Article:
Sage Faulkner: Celebrate 4H Livestock Projects

Raising livestock for the local county fair is a great part of Northern New Mexico life. Photo by Sage Faulkner


The Rio Arriba County Fair is this July 27-30, and the livestock auction will be July 30 at 5:00 pm.  I hope to see you there!  

“No one wants to work!”

It’s a complaint I hear, a lot, from other business owners, near and far.  I structure our business growth plans on labor our family can provide. Hard workers are hard to find.  Very few people actually want to work, though I’ve met a good number who sure want a paycheck.

It is just so true.  No one wants to work.  

Wait a minute.  Wait, right there.  

I just witnessed about 50 kids from Rio Arriba and Los Alamos Counties work their butts off.  Like seriously hard.  Working.  My kids were in the mix, and I watched them and others kids just like them, working really hard.  Sweat dripping from their brows, early mornings and late nights.  What is this hard work?  4H livestock projects.

A little explanation for those that aren’t familiar.

A kid purchases a prospect livestock animal.  It may be one from their family herds.  It may be one from a close friend or neighbor.  Most likely, it is from a show animal sale, and prices reflect trends in outstanding show animals well above a market value.  For cattle, this usually happens about 10 months before the fair.  For pigs, goats and sheep, this is roughly 5 months before.

I’ll use my daughters goat project for an example.  She bought 2 goats at a sale for a total of $700.  This was well above the going market rate.

She felt the added cost was worth the opportunities the quality of animal would provide.  We knew the cost was well above what she could get if she had to sell it at the sale barn, but it was a calculated risk.

Now, they start this magical work concept.

Show animals need to learn how to walk and stand.  They eat the best feed, vitamins and minerals possible.  They are groomed regularly.  

This isn’t something they buy and then show up with.  This is where they work.  Early mornings, exercising and grooming, feeding and cleaning.  Planning ahead, evaluating progress in the animals gain, health and condition.  Evenings are more of the same.  Family vacations go the the wayside because the work and responsibility can’t be set aside.  Sleepovers at friends’ houses come at the high cost of family negotiations.  Brother will help, but doing his chores and laundry are part of the deal.  Deals happen, but the weight of the responsibility is heavy on everyone’s mind.  Feed sacks empty quickly as animals grow.  The high quality feed is the best money can buy, and the savings account shows their withdrawals as they continue to invest in their project.

This trend continues every single day.  For months.

If the work doesn’t happen, the chances at making a sale slot drop.

The kids know this, so they work harder.  They play music for their animals, mimicking fair days so the animals won’t get stressed.  They load and unload from trailers and walk around obstacles.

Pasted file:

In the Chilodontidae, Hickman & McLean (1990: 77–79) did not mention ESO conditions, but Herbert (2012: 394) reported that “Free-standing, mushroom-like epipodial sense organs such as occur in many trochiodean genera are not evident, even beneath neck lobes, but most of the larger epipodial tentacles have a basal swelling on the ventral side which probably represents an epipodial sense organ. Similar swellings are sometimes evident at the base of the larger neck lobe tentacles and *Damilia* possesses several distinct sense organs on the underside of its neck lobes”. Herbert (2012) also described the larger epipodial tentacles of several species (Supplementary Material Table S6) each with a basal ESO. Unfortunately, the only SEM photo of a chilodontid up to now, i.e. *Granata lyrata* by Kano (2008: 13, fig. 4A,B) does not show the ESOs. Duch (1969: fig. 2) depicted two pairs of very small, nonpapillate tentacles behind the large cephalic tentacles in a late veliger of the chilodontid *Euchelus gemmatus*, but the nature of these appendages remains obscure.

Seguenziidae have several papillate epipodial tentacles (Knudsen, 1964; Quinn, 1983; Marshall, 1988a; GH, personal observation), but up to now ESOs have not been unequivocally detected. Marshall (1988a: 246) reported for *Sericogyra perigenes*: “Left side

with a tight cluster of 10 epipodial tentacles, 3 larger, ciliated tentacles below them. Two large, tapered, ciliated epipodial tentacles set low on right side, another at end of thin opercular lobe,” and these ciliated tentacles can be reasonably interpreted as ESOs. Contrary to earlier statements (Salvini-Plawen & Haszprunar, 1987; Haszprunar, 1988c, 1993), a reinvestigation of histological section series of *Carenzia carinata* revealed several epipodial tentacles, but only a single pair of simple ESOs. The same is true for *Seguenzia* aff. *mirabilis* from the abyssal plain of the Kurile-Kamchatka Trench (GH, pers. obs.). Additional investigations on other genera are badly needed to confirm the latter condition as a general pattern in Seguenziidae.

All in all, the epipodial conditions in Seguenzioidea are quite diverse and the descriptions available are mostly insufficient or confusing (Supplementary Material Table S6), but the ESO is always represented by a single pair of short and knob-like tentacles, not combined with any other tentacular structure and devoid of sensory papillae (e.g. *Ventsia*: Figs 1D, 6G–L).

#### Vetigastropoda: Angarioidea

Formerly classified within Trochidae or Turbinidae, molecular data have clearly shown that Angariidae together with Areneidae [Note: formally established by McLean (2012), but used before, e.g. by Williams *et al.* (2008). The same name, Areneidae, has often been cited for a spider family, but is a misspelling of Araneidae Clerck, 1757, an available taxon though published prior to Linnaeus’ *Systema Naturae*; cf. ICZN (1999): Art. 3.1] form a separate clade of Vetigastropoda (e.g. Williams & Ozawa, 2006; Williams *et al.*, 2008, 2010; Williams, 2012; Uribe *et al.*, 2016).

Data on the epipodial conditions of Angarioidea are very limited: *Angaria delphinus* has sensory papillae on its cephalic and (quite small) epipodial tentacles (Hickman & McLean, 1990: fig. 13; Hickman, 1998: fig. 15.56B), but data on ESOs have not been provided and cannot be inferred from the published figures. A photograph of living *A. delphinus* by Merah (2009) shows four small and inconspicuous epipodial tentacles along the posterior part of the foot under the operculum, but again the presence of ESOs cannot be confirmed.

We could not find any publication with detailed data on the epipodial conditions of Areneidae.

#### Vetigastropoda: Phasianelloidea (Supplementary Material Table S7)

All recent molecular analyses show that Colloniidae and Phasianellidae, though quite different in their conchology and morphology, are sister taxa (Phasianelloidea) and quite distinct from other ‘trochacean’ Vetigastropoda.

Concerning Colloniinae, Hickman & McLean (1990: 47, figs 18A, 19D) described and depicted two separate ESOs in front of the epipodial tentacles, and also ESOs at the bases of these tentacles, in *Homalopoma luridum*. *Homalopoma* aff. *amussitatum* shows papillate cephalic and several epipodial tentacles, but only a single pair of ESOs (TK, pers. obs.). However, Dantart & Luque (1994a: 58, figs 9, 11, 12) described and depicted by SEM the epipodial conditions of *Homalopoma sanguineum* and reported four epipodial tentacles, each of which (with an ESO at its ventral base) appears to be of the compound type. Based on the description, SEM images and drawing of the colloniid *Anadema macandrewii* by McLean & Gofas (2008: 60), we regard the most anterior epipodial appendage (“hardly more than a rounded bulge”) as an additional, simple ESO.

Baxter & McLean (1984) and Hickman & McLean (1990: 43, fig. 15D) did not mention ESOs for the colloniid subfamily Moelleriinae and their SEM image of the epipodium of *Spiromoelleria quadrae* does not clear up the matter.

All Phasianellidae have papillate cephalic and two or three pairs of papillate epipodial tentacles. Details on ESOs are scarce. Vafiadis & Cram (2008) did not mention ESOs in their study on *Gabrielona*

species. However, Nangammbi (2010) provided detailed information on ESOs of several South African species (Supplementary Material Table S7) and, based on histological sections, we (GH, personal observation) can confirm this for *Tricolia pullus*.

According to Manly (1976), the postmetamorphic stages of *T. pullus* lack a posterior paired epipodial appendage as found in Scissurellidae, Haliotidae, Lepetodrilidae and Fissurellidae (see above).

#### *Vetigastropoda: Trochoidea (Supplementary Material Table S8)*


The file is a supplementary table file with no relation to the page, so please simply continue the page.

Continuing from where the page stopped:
The livestock are getting bigger, and they eat more.  Healthy appetites are maintained with ample exercise, and the investment in the child’s time is evident.  The feed bill is mounting, a big portion of the investment in a market animal.

Then the fair gets here.  Kids clip and wash, hand-feed, wash again and groom some more.

They walk in the ring, moms and dads holding other animals to be shown.  They wipe drops of sweat from their faces when the judge isn’t looking.  They ease an animal that outweighs them around a ring.  They stand them proudly, hoping they will brace, standing just so the judge sees them at their best.  They remember to help the kid in front of them, whose animal doesn’t want to move forward.  They smile at a judge, hours and hours of practice boiling down to this one short window in the ring, where the color of the ribbon may or may not be what the child hoped for.

Then, it is over.

If they make sale, they hope to make enough to cover this year’s costs and invest again.

If they don’t make sale, they work at negotiating sale out of the ring.   They hope that add-ons will come from some of their invitations to fair.  They make plans to do it again.

Why am I telling you all of this?

Because, I know buying an animal at the County Fair may seem unnecessary.

You may not really want to deal with a whole steer or lamb.  It might seem like a big investment.  Maybe someone else will do it.

But, wait.  We need workers.  We need people who aren’t afraid to roll up their sleeves and work hard.  And we can help by buying livestock at a fair.  And now, we know that these kids have invested a lot just to get here.

It really is that simple.  You, and I will be old one day.  We need hard working individuals to carry this country forward.  We need compassionate business people who can make calculated risks and understand there is more than just a bottom line when making business decisions.

If you support the youth in your county by buying livestock, my hat is off to you.  You are doing something extraordinary for our future!

If you haven’t bought at a fair, I implore you to consider it.  You can fill your freezer with high quality meat.  You can donate the meat to a food bank – doubling your investment into your community.  You can simply donate the animal back to a child, or sell it at a livestock auction.   We can make it easy for you.  You can give add-ons (a donation to livestock youth without the purchase of an animal).

Help celebrate the hard working future of our communities.  Help reward hard workers.

Celebrate perseverance and join us at the Rio Arriba County Fair.